This is the third major report in the past two years warning about Arizona’s future water problems. One report, from the State Water Resources Development Commission, focused on population growth and future demands. The other, from the U.S. Bureau of Reclamation, warned about threats to the Colorado River from drought and climate change.

The new state report notes that after the second study came out in December 2012, many critics dismissed water-importation schemes like desalination because of their cost and environmental problems. But even if Arizona can manage to conserve even more water, reuse effluent and employ other tactics, shortfalls remain likely, the report said.

Environmental change

There are two ways Arizona could get involved in desalinating seawater. It could build plants on the Sonoran or Southern California coasts and bring the water here directly. Or, Arizona could exchange seawater to California or Mexico for some of their Colorado River water rights.

As CAP’s Modeer sees it, the Mexican coast is the only reasonable place for Arizona to get involved in seawater desalination. California isn’t likely to cut deals with Arizona involving desalinated seawater when it’s in its own water crisis, he said.

But getting a plant in Mexico won’t be done in the short term, although it needs to be considered for the long term, he said. A few years back, the CAP had a strong enough interest in building a desalination project in Sonora to do an engineering study, but the idea died.

“The national political structure in Mexico didn’t want to do anything with it,” Modeer recalled. “In Mexico, water is all controlled out of the Mexican national government and is really caught up in national politics in Mexico.”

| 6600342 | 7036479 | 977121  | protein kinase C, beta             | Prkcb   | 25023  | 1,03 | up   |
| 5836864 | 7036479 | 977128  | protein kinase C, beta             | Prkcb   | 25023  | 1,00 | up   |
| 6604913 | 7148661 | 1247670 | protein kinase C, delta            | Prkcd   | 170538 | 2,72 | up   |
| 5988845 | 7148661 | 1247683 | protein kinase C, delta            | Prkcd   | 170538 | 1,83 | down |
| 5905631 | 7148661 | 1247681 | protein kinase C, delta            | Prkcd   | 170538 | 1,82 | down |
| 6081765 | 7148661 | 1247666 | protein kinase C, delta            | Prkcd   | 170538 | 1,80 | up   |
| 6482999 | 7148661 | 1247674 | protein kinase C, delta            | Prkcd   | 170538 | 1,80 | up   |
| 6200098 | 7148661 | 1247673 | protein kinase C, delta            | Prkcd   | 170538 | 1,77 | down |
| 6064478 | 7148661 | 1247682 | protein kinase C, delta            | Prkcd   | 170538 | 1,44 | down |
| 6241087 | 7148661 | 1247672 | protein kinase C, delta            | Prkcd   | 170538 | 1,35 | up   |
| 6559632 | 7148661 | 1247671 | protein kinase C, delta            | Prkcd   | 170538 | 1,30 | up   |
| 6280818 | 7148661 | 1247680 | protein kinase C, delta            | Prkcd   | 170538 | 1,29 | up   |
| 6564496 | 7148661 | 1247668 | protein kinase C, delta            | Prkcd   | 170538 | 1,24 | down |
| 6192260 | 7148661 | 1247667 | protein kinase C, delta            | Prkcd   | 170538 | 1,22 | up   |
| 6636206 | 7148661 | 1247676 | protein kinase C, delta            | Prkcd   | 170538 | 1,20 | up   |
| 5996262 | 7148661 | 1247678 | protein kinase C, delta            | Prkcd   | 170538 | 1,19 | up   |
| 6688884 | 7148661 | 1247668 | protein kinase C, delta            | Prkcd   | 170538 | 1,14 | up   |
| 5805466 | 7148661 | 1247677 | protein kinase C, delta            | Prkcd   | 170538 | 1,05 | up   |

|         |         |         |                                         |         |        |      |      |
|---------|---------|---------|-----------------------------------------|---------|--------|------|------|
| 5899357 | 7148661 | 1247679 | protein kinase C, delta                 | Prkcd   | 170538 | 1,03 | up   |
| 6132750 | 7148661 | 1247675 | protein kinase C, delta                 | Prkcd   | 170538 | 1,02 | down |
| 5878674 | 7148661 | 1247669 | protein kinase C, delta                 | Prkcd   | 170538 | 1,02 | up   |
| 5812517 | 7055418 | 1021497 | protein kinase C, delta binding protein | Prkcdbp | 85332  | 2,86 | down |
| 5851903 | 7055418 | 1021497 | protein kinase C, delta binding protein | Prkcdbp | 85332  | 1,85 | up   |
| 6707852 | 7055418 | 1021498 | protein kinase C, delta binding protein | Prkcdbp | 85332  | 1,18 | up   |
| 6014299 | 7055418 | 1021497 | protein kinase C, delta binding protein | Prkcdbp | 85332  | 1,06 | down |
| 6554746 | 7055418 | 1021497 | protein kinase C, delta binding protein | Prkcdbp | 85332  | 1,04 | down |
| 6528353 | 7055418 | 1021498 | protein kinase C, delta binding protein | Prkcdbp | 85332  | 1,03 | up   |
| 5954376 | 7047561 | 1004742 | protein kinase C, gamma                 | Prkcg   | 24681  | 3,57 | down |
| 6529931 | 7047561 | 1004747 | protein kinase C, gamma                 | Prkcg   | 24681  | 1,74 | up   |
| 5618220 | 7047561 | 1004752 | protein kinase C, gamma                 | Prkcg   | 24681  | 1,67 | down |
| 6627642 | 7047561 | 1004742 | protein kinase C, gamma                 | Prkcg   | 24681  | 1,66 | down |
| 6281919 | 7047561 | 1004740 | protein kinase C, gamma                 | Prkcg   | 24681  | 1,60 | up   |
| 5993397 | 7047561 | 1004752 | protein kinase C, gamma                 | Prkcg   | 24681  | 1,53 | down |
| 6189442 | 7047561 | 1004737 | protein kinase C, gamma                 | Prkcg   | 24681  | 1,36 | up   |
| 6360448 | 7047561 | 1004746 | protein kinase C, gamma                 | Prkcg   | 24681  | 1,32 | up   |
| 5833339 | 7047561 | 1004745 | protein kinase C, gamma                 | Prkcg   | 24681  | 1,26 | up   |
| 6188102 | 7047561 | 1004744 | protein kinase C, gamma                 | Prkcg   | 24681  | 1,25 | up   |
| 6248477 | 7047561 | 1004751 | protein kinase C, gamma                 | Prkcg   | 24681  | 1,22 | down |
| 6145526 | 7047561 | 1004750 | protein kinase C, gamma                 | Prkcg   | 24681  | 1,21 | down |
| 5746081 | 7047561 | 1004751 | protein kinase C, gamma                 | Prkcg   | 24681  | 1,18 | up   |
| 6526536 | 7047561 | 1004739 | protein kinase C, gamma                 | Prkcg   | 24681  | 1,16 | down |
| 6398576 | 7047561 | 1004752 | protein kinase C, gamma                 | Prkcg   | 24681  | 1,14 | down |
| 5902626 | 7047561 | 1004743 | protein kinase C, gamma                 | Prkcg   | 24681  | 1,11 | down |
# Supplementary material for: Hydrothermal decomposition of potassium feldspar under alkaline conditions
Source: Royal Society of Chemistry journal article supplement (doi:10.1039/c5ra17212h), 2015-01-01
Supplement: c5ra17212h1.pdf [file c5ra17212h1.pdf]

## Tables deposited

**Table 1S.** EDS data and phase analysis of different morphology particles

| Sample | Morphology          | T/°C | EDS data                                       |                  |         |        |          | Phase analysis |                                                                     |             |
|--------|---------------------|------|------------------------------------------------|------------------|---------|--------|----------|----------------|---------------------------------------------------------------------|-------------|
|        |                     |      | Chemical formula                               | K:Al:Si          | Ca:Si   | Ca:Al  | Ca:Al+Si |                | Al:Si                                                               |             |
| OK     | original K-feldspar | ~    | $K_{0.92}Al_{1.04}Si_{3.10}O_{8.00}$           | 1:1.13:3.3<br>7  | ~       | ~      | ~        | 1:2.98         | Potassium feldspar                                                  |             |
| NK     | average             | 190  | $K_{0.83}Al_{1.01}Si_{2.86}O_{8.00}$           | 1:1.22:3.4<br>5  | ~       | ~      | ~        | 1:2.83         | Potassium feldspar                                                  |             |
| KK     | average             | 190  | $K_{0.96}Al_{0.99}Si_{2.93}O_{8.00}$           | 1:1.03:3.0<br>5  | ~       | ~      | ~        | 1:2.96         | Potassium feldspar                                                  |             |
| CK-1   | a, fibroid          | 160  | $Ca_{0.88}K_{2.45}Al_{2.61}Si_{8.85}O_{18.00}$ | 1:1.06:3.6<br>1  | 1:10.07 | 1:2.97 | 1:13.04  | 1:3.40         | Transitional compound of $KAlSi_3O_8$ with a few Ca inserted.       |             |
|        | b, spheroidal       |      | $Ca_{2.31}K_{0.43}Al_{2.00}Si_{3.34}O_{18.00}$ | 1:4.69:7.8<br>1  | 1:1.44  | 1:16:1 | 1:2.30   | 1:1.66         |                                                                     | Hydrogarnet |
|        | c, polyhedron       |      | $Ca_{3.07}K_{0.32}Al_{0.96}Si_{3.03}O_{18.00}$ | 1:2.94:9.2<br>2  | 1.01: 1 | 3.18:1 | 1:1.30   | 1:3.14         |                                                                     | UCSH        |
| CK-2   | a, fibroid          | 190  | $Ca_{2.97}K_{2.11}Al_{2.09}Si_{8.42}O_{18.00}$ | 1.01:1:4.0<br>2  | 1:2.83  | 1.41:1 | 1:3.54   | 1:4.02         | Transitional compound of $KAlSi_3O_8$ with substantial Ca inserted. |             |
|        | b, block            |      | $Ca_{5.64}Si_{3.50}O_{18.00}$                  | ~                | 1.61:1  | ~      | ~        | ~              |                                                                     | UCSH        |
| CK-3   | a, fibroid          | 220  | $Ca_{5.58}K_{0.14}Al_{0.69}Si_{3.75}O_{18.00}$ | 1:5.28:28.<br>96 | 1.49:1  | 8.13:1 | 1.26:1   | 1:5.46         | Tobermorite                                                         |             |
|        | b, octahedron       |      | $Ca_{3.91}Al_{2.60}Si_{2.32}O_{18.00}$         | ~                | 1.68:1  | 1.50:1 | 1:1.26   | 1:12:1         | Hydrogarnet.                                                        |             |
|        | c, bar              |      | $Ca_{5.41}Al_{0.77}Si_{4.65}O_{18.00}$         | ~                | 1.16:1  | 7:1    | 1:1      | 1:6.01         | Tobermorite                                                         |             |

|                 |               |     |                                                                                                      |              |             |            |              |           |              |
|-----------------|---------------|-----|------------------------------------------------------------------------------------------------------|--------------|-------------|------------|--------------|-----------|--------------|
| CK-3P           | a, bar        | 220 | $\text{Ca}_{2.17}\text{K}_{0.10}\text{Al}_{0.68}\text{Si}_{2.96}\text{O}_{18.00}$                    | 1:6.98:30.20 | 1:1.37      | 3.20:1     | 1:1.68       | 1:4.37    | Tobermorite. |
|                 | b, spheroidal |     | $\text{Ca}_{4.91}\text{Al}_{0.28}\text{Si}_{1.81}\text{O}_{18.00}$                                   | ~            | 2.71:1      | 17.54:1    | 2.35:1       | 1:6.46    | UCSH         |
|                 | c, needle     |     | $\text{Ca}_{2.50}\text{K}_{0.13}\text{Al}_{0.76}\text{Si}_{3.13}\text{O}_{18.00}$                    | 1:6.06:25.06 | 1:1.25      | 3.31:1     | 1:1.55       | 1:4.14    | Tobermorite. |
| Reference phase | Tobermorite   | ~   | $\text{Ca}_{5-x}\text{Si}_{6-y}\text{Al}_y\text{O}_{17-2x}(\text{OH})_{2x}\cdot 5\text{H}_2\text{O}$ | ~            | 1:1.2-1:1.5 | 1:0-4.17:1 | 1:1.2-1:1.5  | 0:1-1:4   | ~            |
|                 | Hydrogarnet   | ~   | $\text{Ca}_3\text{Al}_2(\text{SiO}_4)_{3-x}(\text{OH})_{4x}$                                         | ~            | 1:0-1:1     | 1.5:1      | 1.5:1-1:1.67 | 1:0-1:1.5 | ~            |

A Gulf of California desalination plant will have major environmental issues, Modeer said, in part because the upper gulf is not an open water system, in which water circulates easily into the ocean. In dumping the brine wastewater into the gulf, “you would change the water quality and change the environment significantly,” Modeer said.

That won’t sit well with conservationists.

“It’s such a fragile ecosystem down there,” said Val Little, director of the Water Conservation Alliance of Southern Arizona. “The little dolphins down there are so critically endangered. It’s just going to cause a firestorm.”

Brackish water

CAP will start working on brackish water desalination this year, bringing up the issue to various interest groups and trying to develop a financing mechanism, Modeer said.

The state’s brackish water supply is far less than what could be obtained from the ocean. There are at least 20,000 acre-feet, and possibly much more, near the Willcox Playa in Southeast Arizona. Maybe 40,000-50,000 acre-feet are available annually in the Yuma and Buckeye-Goodyear areas, 10,000 acre-feet near Gila Bend and more than 100,000 acre-feet on the Navajo Reservation.

But that much would make a huge difference in locations where it’s available, CAP spokesman Mitch Basefsky said. Brackish water, which is the product of agricultural wastewater runoff in some places and occurs naturally in others, generally lies close to the surface, and is less expensive to pump out than much of Arizona’s fresh groundwater: 4-10 feet underground in the Yuma area, 10 to 100 feet deep near Buckeye; and 25 to 200 feet deep around the Willcox Playa. Only in Navajo country is the brackish water really deep — about 500 feet.

Risk of inaction

The water study was not an academic exercise — it was designed to spur action, said Lacey, the state water director. The agency hopes for broader public participation in water issues than anytime since Arizona’s landmark Groundwater Management Act passed in 1980, he said.

But the report also acknowledges — in boldface — that the lack of an immediate water problem increases the risk of inaction.

Even now, Gov. Brewer appears in no hurry for action and says she doesn’t believe legislation is needed this year.

The governor wants the state water agency to first reach out to 22 planning areas around the state and start talking about potential solutions, said her press secretary, Ann Dockendorff.

Garrick Taylor, a spokesman for the Arizona Chamber of Commerce, said that group agrees that “we need to have a water conversation” bringing all interest groups together.

But it’s unlikely the new report’s recommendations will get much traction over the next 12 months because the state likely will have a new governor next year, he said.

If desalination emerges as an option, he said, “hopefully the technology will be such that we can do it without breaking the bank.”

Contact reporter Tony Davis at or 806-7746. Follow him on Twitter@tonydavis987.